All of the different materials and designs have their own merits. For example, upholstered headboards give you more comfort where wooden headboards can give you sturdiness.

If you suffer with neck and shoulder pain, you may find your pillow’s the culprit.

Pillows come in a range of different shapes and sizes, including pre-shaped ones that support your head and neck, as well as a choice of fillings – goosedown, duckdown, feather, fibre filled, and visco-elastic, latex or polyurethane foam – and any number of combinations of these.

Here’s what to look for when buying a pillow:

A good one should hold your head in the correct alignment – that is, in the same relation to your shoulders and spine as if you were standing upright with the correct posture – and be tucked well into the neck and shoulder to support your head fully.

The thickness and number you need depends on your body shape and your preferred sleeping position. You will need a thicker pillow (or two thinner ones) if you sleep on your side rather than if you sleep on your back.

It is a good idea to invest in quality pillows and replace them at least every two or three years. When they have lost their ‘loft’ (height) and become lumpy, discoloured or misshapen they should be replaced.

Here are a few things to remember when you get your new bed home:

  • Do not bend or roll your new mattress. It will permanently damage the spring unit and invalidate any warranties or guarantees.
  • Let the mattress breathe.Like a new car, a new bed may initially have a ‘new’ smell about it. This will eventually disperse if well aired.
  • Body shaped impressions are normal. Impression marks – sometimes known as settlement – are a normal characteristic of quality mattresses working as intended to conform to the shape of your body. These will be minimised with regular turning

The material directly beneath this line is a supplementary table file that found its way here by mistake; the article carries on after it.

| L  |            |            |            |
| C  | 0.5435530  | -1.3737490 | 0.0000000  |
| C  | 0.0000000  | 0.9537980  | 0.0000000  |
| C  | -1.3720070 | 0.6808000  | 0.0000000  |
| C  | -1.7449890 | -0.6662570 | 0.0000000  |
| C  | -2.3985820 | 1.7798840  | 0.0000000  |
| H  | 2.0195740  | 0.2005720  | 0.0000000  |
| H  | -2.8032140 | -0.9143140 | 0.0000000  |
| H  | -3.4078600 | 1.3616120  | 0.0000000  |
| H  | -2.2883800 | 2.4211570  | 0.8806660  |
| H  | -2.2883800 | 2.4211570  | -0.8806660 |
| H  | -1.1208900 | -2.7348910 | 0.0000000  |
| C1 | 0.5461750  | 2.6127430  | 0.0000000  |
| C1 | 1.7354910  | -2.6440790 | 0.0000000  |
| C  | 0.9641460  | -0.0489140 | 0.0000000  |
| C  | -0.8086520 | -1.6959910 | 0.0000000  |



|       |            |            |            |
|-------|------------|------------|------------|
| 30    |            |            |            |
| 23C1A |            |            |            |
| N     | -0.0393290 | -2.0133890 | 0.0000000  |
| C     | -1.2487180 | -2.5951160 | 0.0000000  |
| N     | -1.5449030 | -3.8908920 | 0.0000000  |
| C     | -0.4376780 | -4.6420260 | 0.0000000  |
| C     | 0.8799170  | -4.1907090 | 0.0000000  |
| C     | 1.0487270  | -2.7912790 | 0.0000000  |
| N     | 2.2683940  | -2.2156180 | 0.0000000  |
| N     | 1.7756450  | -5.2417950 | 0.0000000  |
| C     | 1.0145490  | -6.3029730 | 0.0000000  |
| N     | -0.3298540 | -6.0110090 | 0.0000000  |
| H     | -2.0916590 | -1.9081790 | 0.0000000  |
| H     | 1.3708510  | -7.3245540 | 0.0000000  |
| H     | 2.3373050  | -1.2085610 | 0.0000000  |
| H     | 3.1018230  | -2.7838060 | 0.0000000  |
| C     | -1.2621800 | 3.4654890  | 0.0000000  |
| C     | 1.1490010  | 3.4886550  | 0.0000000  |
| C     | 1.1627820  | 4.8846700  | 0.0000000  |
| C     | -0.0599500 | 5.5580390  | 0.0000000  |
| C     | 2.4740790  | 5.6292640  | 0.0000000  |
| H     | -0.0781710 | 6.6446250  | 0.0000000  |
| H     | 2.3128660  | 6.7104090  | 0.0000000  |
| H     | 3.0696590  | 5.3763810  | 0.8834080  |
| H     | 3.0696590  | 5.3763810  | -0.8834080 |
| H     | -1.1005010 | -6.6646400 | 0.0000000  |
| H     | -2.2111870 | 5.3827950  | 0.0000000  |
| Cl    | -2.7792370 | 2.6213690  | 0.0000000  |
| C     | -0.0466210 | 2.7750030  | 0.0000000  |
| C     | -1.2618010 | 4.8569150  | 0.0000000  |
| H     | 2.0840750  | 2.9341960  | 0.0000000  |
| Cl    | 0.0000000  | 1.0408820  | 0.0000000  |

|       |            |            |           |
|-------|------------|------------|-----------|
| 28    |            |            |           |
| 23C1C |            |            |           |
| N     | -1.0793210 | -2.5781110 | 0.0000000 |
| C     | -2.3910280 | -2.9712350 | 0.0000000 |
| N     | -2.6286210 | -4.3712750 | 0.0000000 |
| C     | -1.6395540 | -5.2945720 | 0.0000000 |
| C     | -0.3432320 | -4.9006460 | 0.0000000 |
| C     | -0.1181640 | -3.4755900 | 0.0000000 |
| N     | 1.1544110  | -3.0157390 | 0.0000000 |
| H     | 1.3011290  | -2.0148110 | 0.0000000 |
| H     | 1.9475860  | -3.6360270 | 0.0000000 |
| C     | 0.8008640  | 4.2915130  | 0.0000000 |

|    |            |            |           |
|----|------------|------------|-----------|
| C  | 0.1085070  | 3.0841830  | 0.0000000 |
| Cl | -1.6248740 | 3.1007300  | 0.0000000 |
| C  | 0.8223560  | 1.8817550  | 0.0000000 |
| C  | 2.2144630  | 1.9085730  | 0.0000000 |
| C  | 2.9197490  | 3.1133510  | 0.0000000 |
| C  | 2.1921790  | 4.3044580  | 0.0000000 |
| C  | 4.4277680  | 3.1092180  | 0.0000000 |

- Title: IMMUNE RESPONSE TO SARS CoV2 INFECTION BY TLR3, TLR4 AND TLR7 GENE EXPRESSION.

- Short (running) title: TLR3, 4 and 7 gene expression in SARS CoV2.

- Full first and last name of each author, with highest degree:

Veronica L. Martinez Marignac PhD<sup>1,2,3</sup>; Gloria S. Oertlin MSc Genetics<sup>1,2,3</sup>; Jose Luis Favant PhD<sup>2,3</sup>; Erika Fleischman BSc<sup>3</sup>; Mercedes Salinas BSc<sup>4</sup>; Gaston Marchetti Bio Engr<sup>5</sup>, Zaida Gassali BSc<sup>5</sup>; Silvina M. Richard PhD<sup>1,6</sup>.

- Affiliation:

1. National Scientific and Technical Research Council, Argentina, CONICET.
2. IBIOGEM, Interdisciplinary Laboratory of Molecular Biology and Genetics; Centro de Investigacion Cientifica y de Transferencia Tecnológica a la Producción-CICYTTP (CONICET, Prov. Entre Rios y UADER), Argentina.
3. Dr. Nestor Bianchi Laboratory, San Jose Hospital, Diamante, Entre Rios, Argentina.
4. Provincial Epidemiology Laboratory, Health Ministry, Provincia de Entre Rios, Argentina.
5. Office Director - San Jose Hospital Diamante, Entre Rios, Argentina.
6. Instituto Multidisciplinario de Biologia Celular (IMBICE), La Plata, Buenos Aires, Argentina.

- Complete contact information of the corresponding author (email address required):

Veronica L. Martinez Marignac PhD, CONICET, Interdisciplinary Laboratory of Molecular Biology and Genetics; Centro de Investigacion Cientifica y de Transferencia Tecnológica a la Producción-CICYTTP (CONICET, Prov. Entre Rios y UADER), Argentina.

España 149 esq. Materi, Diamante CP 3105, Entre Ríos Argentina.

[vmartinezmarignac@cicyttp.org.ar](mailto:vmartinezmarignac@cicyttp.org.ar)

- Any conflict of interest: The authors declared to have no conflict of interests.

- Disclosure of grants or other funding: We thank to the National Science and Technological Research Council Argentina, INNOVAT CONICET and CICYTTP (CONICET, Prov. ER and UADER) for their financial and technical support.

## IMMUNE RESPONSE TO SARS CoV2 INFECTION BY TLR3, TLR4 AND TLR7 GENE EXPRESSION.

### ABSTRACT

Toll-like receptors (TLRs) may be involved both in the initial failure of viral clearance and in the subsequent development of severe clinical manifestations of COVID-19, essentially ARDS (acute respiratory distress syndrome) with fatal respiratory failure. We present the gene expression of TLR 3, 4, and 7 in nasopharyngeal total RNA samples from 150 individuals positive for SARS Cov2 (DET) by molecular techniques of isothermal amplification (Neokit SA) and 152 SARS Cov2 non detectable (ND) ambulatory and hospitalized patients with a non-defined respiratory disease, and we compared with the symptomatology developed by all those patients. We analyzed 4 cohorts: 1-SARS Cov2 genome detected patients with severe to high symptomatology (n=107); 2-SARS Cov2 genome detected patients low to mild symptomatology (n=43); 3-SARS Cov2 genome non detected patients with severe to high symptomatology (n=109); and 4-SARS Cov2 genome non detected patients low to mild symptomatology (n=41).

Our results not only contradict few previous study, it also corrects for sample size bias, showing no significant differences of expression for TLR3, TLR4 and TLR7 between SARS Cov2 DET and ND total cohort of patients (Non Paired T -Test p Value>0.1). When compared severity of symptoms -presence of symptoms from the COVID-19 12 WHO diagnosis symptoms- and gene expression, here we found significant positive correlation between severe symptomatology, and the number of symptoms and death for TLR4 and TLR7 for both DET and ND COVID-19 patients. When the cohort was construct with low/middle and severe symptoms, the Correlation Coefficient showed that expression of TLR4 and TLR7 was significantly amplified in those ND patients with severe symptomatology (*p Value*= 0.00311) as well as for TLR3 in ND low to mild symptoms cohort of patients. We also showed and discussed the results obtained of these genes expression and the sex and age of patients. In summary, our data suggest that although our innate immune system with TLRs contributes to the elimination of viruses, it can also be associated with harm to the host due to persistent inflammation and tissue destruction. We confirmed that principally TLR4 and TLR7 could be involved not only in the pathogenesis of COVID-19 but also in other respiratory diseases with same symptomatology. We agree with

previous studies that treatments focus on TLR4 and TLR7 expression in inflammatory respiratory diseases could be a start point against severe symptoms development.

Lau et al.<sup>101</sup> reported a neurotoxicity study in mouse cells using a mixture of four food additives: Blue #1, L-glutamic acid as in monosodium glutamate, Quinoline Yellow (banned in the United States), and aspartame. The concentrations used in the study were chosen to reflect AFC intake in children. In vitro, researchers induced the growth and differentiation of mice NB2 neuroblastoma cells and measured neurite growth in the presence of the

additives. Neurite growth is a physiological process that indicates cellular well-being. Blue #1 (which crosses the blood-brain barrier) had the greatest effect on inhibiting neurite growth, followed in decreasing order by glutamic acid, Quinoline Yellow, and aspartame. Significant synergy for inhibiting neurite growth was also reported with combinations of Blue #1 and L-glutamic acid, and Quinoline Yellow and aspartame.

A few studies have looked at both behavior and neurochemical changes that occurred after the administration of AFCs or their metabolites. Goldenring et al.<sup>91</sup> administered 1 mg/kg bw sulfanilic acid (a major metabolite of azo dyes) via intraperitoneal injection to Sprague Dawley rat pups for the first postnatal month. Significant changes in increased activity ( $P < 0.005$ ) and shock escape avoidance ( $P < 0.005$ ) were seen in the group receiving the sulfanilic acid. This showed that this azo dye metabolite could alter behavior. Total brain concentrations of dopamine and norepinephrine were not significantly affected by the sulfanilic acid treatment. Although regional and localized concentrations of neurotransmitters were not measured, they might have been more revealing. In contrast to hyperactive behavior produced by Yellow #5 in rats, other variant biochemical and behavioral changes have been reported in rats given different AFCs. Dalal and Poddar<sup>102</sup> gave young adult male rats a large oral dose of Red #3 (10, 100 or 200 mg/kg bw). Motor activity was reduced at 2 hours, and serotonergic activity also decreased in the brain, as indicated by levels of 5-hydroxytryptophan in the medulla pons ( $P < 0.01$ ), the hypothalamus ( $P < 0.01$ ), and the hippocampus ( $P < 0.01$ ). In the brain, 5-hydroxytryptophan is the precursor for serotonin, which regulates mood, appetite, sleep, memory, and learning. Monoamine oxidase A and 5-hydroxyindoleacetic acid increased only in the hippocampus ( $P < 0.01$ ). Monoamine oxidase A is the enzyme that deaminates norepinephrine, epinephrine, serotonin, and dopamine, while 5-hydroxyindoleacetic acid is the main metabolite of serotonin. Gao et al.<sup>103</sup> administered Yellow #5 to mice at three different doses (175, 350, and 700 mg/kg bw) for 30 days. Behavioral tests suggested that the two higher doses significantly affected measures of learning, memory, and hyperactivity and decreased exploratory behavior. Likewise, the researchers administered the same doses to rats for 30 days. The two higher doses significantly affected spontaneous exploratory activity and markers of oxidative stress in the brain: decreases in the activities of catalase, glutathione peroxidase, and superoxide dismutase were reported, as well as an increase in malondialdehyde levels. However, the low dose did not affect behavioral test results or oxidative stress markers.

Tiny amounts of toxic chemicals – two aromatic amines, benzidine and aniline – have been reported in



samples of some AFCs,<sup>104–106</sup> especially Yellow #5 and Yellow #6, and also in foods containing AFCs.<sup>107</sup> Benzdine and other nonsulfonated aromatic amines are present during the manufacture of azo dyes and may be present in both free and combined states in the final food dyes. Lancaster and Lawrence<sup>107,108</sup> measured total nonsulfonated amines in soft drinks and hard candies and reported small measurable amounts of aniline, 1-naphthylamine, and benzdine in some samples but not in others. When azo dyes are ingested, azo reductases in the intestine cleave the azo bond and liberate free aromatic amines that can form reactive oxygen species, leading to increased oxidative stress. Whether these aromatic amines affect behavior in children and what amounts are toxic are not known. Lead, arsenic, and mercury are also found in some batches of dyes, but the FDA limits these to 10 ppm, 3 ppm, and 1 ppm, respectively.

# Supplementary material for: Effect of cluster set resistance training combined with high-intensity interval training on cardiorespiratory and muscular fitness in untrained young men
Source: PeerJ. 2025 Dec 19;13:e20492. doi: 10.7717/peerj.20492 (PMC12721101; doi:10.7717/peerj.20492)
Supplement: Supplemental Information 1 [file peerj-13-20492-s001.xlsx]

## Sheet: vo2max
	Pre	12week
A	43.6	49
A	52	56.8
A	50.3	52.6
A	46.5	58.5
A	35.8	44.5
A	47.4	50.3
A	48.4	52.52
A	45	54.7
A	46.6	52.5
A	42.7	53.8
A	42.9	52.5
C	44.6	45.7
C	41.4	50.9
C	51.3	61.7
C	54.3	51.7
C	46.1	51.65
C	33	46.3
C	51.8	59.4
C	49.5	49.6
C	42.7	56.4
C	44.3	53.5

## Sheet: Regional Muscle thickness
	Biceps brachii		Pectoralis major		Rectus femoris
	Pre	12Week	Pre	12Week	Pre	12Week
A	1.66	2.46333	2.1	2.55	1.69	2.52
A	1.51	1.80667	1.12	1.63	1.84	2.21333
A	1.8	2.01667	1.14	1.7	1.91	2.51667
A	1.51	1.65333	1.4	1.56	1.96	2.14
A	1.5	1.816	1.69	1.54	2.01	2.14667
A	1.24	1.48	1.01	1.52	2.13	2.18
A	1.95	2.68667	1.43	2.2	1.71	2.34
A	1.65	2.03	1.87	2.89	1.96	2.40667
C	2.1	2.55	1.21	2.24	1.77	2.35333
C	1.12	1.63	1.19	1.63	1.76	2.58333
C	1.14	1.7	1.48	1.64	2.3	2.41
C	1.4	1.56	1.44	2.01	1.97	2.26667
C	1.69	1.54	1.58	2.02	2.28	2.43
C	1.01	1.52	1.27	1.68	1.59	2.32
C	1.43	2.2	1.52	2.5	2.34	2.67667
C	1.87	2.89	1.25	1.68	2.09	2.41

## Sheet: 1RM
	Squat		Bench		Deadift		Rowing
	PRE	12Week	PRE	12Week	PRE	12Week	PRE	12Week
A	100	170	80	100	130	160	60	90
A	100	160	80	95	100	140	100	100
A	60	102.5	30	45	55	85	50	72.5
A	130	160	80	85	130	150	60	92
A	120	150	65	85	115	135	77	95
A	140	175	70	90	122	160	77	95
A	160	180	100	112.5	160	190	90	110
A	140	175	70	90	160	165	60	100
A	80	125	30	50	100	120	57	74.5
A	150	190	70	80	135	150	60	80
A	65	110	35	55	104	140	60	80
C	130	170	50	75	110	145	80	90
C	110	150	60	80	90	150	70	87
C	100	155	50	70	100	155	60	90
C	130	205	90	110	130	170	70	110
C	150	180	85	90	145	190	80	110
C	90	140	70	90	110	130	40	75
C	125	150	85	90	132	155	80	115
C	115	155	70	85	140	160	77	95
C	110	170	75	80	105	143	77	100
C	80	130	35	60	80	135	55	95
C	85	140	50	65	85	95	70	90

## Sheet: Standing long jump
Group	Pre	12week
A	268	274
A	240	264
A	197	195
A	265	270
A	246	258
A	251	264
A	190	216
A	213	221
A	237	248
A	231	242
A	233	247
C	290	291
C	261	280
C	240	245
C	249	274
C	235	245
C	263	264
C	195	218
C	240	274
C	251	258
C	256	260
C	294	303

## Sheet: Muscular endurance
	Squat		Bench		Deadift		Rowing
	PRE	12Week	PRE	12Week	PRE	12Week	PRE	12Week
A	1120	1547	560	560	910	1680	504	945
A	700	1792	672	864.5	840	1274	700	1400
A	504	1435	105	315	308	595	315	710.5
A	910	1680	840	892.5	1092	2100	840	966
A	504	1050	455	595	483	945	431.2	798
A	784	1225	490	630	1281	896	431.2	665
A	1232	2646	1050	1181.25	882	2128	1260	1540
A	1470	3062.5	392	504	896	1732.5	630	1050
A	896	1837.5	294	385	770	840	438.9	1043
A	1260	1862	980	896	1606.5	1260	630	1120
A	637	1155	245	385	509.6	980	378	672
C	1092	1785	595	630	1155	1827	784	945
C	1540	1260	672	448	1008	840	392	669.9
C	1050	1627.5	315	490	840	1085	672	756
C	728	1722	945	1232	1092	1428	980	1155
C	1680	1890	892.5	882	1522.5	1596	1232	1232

• Getting used to your new bed. Your body will take a while to adjust to sleeping on a new surface, so don’t worry if your new bed doesn’t immediately meet your expectations. Give it time – it could take a few weeks.
  • Turn your mattress regularly.Unless you have bought a non-turn (which has been specifically designed not be turned but must still be rotated), it is important that you turn your mattress from end to end and side to side every week for the first few months and thereafter about every three months. This will prolong the life-span of your mattress and minimise impression.

If an accident occurs, immediate treatment helps enormously by preventing the liquid seeping into the upholstery filling, where it can cause problems.

If possible, after stripping off all bedding, stand the mattress on its side – this will help prevent the fluid penetrating the mattress. Sponge immediately with cold water – but don’t over water.

Here are some recommended treatments for specific fluids:

Urine: Sponge with warm solution of mild detergent or upholstery shampoo. Then wipe with cold water plus a few drops of antiseptic such as Milton.

Vomit and diarrhoea: Scrape up as much solid matter as possible, without spreading the stain. Treat as for urine above.

Fruit juices: Use proprietary stain treatment – following instructions – or sponge with warm borax solution and then clear water. A strong coloured drink such as blackcurrant will probably leave a stain.

Chocolate and milk-based drinks: Treat as above and when dry use an aerosol grease solvent to clear grease – being particularly sparing if used on a foam mattress. Brush to clear deposit.

Blood: Use a proprietary stain remover, or upholstery cleaner, followed by cold water.

Oily marks: Use an aerosol grease solvent to draw stain out, rather than liquid grease solvents marks.